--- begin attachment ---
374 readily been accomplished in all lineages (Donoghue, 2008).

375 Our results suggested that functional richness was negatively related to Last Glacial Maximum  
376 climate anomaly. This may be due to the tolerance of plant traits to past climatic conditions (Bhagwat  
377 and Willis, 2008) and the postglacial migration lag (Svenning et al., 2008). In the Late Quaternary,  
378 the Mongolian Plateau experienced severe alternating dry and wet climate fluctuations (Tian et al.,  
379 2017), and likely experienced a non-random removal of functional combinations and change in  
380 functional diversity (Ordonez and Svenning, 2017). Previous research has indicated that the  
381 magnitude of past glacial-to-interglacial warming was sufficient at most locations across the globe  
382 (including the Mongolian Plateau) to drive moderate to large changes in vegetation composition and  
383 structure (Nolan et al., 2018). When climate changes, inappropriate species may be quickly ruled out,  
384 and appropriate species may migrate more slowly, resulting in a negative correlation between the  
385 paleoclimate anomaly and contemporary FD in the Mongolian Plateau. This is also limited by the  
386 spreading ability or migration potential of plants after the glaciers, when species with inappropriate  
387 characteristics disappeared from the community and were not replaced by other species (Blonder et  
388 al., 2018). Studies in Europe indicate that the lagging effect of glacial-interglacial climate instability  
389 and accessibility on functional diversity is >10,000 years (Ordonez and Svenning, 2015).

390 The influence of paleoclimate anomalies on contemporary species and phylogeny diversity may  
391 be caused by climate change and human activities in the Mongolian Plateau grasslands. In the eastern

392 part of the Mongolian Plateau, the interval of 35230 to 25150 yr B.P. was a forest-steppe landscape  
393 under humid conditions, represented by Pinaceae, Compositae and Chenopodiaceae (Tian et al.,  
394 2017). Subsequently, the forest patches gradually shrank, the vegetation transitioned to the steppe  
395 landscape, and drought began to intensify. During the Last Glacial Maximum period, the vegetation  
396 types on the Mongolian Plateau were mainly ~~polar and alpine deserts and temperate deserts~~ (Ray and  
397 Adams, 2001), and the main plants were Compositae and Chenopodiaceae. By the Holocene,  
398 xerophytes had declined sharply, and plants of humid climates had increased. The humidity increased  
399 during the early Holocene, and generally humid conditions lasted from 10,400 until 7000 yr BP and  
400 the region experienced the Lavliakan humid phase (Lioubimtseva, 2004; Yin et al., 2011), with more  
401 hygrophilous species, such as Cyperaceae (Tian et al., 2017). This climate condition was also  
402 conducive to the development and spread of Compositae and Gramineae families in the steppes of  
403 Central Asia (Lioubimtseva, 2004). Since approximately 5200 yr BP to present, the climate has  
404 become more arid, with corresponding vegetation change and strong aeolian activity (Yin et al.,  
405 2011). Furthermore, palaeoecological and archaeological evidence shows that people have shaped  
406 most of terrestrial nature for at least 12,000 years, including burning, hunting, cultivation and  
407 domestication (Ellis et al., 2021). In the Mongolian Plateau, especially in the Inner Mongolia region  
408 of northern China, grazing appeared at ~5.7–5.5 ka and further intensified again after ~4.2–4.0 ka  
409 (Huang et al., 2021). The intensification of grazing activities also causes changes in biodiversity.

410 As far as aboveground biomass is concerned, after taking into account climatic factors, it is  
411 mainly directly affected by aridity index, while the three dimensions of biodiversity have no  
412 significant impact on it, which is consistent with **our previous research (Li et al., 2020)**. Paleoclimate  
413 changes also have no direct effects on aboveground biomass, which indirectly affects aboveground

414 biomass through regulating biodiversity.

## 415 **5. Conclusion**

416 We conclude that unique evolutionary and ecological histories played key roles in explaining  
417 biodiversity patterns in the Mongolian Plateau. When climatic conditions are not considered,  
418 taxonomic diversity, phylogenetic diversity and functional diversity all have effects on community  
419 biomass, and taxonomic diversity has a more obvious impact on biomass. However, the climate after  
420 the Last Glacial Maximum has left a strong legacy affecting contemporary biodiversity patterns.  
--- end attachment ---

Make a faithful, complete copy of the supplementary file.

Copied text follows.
374 readily been accomplished in all lineages (Donoghue, 2008).

375 Our results suggested that functional richness was negatively related to Last Glacial Maximum  
376 climate anomaly. This may be due to the tolerance of plant traits to past climatic conditions (Bhagwat  
377 and Willis, 2008) and the postglacial migration lag (Svenning et al., 2008). In the Late Quaternary,  
378 the Mongolian Plateau experienced severe alternating dry and wet climate fluctuations (Tian et al.,  
379 2017), and likely experienced a non-random removal of functional combinations and change in  
380 functional diversity (Ordonez and Svenning, 2017). Previous research has indicated that the  
381 magnitude of past glacial-to-interglacial warming was sufficient at most locations across the globe  
382 (including the Mongolian Plateau) to drive moderate to large changes in vegetation composition and  
383 structure (Nolan et al., 2018). When climate changes, inappropriate species may be quickly ruled out,  
384 and appropriate species may migrate more slowly, resulting in a negative correlation between the  
385 paleoclimate anomaly and contemporary FD in the Mongolian Plateau. This is also limited by the  
386 spreading ability or migration potential of plants after the glaciers, when species with inappropriate  
387 characteristics disappeared from the community and were not replaced by other species (Blonder et  
388 al., 2018). Studies in Europe indicate that the lagging effect of glacial-interglacial climate instability  
389 and accessibility on functional diversity is >10,000 years (Ordonez and Svenning, 2015).

390 The influence of paleoclimate anomalies on contemporary species and phylogeny diversity may  
391 be caused by climate change and human activities in the Mongolian Plateau grasslands. In the eastern

392 part of the Mongolian Plateau, the interval of 35230 to 25150 yr B.P. was a forest-steppe landscape  
393 under humid conditions, represented by Pinaceae, Compositae and Chenopodiaceae (Tian et al.,  
394 2017). Subsequently, the forest patches gradually shrank, the vegetation transitioned to the steppe  
395 landscape, and drought began to intensify. During the Last Glacial Maximum period, the vegetation  
396 types on the Mongolian Plateau were mainly ~~polar and alpine deserts and temperate deserts~~ (Ray and  
397 Adams, 2001), and the main plants were Compositae and Chenopodiaceae. By the Holocene,  
398 xerophytes had declined sharply, and plants of humid climates had increased. The humidity increased  
399 during the early Holocene, and generally humid conditions lasted from 10,400 until 7000 yr BP and  
400 the region experienced the Lavliakan humid phase (Lioubimtseva, 2004; Yin et al., 2011), with more  
401 hygrophilous species, such as Cyperaceae (Tian et al., 2017). This climate condition was also  
402 conducive to the development and spread of Compositae and Gramineae families in the steppes of  
403 Central Asia (Lioubimtseva, 2004). Since approximately 5200 yr BP to present, the climate has  
404 become more arid, with corresponding vegetation change and strong aeolian activity (Yin et al.,  
405 2011). Furthermore, palaeoecological and archaeological evidence shows that people have shaped  
406 most of terrestrial nature for at least 12,000 years, including burning, hunting, cultivation and  
407 domestication (Ellis et al., 2021). In the Mongolian Plateau, especially in the Inner Mongolia region  
408 of northern China, grazing appeared at ~5.7–5.5 ka and further intensified again after ~4.2–4.0 ka  
409 (Huang et al., 2021). The intensification of grazing activities also causes changes in biodiversity.

410 As far as aboveground biomass is concerned, after taking into account climatic factors, it is  
411 mainly directly affected by aridity index, while the three dimensions of biodiversity have no  
412 significant impact on it, which is consistent with **our previous research (Li et al., 2020)**. Paleoclimate  
413 changes also have no direct effects on aboveground biomass, which indirectly affects aboveground

414 biomass through regulating biodiversity.

## 415 **5. Conclusion**

416 We conclude that unique evolutionary and ecological histories played key roles in explaining  
417 biodiversity patterns in the Mongolian Plateau. When climatic conditions are not considered,  
418 taxonomic diversity, phylogenetic diversity and functional diversity all have effects on community  
419 biomass, and taxonomic diversity has a more obvious impact on biomass. However, the climate after  
420 the Last Glacial Maximum has left a strong legacy affecting contemporary biodiversity patterns.  